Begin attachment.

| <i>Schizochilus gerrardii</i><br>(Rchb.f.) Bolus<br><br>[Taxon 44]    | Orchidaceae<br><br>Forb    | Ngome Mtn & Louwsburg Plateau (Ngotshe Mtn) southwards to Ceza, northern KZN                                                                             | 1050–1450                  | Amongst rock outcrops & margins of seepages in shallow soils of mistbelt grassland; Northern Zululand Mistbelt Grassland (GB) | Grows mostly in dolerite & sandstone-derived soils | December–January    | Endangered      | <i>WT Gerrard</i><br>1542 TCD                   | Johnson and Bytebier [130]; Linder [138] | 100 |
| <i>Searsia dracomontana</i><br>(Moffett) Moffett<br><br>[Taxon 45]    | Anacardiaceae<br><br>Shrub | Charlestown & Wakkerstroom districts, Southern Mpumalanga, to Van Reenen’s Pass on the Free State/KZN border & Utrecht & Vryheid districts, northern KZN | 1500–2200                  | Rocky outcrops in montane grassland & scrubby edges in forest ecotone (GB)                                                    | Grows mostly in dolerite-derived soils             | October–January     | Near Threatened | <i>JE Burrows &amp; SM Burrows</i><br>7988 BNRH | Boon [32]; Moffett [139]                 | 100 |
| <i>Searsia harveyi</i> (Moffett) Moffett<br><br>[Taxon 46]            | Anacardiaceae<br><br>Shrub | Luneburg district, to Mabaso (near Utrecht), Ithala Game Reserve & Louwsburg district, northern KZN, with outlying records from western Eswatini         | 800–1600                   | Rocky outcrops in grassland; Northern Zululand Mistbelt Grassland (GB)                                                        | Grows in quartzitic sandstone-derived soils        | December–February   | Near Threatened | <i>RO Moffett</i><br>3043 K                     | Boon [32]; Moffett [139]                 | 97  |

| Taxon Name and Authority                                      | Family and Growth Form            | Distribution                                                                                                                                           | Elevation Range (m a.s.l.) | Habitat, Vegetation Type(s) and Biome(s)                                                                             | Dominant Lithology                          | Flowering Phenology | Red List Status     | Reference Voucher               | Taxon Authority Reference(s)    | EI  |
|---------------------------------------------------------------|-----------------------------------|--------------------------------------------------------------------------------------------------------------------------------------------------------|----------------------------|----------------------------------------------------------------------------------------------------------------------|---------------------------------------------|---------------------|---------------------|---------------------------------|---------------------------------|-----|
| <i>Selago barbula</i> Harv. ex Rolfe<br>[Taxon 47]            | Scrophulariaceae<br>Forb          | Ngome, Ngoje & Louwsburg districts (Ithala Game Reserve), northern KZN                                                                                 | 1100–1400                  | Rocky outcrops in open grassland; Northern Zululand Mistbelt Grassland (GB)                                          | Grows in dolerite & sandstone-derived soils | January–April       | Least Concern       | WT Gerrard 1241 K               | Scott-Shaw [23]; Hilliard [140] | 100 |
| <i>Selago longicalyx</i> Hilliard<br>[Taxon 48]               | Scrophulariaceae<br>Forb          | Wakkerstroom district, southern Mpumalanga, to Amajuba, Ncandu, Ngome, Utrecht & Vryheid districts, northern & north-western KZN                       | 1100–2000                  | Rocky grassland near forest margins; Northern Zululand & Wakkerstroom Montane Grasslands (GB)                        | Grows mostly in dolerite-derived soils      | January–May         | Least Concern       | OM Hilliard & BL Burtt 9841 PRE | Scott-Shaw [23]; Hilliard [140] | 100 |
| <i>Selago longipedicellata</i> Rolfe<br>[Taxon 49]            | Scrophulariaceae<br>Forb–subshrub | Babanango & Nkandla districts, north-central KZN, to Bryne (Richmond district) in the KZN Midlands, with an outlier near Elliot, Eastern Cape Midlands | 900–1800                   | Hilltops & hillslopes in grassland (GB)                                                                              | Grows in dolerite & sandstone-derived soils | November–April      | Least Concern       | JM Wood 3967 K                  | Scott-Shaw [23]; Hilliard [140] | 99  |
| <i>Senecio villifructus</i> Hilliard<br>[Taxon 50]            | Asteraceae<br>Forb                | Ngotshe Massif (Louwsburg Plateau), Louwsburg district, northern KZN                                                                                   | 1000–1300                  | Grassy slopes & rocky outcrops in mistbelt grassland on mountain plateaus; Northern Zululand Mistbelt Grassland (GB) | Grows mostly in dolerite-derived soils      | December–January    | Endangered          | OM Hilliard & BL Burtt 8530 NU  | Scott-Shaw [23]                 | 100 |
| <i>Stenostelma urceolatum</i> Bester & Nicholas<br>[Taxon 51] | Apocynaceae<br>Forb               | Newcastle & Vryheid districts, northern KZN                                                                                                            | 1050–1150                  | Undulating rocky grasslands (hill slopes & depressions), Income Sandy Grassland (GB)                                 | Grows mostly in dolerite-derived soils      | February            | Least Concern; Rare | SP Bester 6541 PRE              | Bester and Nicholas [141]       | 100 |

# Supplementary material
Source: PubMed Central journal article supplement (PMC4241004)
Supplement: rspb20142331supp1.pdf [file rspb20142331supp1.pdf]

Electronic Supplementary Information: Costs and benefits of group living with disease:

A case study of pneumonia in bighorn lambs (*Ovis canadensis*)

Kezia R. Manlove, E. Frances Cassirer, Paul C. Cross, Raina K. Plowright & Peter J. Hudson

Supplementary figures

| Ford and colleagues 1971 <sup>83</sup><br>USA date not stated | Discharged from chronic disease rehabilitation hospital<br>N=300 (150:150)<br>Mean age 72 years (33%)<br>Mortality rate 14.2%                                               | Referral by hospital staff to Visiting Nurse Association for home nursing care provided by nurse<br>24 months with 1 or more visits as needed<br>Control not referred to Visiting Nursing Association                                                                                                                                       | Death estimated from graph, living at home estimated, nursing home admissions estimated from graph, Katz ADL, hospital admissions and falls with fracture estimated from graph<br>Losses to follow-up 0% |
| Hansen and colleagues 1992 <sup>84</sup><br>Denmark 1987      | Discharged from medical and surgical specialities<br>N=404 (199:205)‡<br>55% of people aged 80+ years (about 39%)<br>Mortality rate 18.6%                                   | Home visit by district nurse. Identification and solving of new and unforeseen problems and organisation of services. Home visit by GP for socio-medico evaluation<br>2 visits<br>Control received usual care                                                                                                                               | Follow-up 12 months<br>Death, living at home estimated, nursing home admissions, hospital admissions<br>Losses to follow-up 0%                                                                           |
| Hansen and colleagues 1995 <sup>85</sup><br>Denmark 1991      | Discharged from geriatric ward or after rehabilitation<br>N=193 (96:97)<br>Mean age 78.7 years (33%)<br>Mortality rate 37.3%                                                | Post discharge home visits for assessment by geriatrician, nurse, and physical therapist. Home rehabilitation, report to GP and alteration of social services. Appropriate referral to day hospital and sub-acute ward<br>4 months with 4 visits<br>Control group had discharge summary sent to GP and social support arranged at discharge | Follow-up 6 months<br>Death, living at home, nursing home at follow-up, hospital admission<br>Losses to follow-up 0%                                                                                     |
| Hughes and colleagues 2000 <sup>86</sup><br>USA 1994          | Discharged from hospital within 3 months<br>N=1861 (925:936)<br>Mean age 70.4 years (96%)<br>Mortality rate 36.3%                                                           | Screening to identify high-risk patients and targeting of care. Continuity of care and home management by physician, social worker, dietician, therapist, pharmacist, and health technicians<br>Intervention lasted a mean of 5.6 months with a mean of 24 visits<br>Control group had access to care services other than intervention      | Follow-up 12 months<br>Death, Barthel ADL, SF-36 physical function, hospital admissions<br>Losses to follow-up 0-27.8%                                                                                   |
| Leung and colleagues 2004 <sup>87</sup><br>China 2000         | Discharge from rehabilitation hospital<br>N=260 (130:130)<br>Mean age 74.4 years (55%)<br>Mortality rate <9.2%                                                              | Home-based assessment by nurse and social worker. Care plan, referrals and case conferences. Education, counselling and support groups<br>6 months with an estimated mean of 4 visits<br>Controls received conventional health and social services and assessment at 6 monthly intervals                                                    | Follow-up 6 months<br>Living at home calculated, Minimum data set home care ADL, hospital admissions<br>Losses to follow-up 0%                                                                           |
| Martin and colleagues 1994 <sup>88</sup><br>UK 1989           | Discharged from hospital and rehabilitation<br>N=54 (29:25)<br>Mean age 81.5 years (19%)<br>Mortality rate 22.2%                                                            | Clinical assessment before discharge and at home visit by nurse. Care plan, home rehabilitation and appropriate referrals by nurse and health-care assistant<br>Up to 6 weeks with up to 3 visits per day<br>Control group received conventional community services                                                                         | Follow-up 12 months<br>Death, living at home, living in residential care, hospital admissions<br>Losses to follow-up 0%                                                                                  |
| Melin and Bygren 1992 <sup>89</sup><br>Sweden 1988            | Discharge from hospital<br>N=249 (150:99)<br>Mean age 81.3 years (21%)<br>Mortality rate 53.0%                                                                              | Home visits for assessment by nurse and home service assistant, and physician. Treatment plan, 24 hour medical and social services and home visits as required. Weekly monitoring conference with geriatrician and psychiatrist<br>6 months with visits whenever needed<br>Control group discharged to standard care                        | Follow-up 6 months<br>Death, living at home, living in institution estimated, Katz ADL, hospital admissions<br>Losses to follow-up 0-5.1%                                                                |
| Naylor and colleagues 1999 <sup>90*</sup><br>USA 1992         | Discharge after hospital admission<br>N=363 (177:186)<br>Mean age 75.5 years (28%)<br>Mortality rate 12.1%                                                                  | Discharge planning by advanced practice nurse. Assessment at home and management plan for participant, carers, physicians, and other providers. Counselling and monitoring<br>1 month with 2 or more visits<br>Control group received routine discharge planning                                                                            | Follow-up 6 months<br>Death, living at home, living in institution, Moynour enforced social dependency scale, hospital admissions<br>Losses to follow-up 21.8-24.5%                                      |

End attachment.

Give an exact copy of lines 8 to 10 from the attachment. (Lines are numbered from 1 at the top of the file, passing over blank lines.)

| <i>Selago longipedicellata</i> Rolfe<br>[Taxon 49]            | Scrophulariaceae<br>Forb–subshrub | Babanango & Nkandla districts, north-central KZN, to Bryne (Richmond district) in the KZN Midlands, with an outlier near Elliot, Eastern Cape Midlands | 900–1800                   | Hilltops & hillslopes in grassland (GB)                                                                              | Grows in dolerite & sandstone-derived soils | November–April      | Least Concern       | JM Wood 3967 K                  | Scott-Shaw [23]; Hilliard [140] | 99  |
| <i>Senecio villifructus</i> Hilliard<br>[Taxon 50]            | Asteraceae<br>Forb                | Ngotshe Massif (Louwsburg Plateau), Louwsburg district, northern KZN                                                                                   | 1000–1300                  | Grassy slopes & rocky outcrops in mistbelt grassland on mountain plateaus; Northern Zululand Mistbelt Grassland (GB) | Grows mostly in dolerite-derived soils      | December–January    | Endangered          | OM Hilliard & BL Burtt 8530 NU  | Scott-Shaw [23]                 | 100 |
| <i>Stenostelma urceolatum</i> Bester & Nicholas<br>[Taxon 51] | Apocynaceae<br>Forb               | Newcastle & Vryheid districts, northern KZN                                                                                                            | 1050–1150                  | Undulating rocky grasslands (hill slopes & depressions), Income Sandy Grassland (GB)                                 | Grows mostly in dolerite-derived soils      | February            | Least Concern; Rare | SP Bester 6541 PRE              | Bester and Nicholas [141]       | 100 |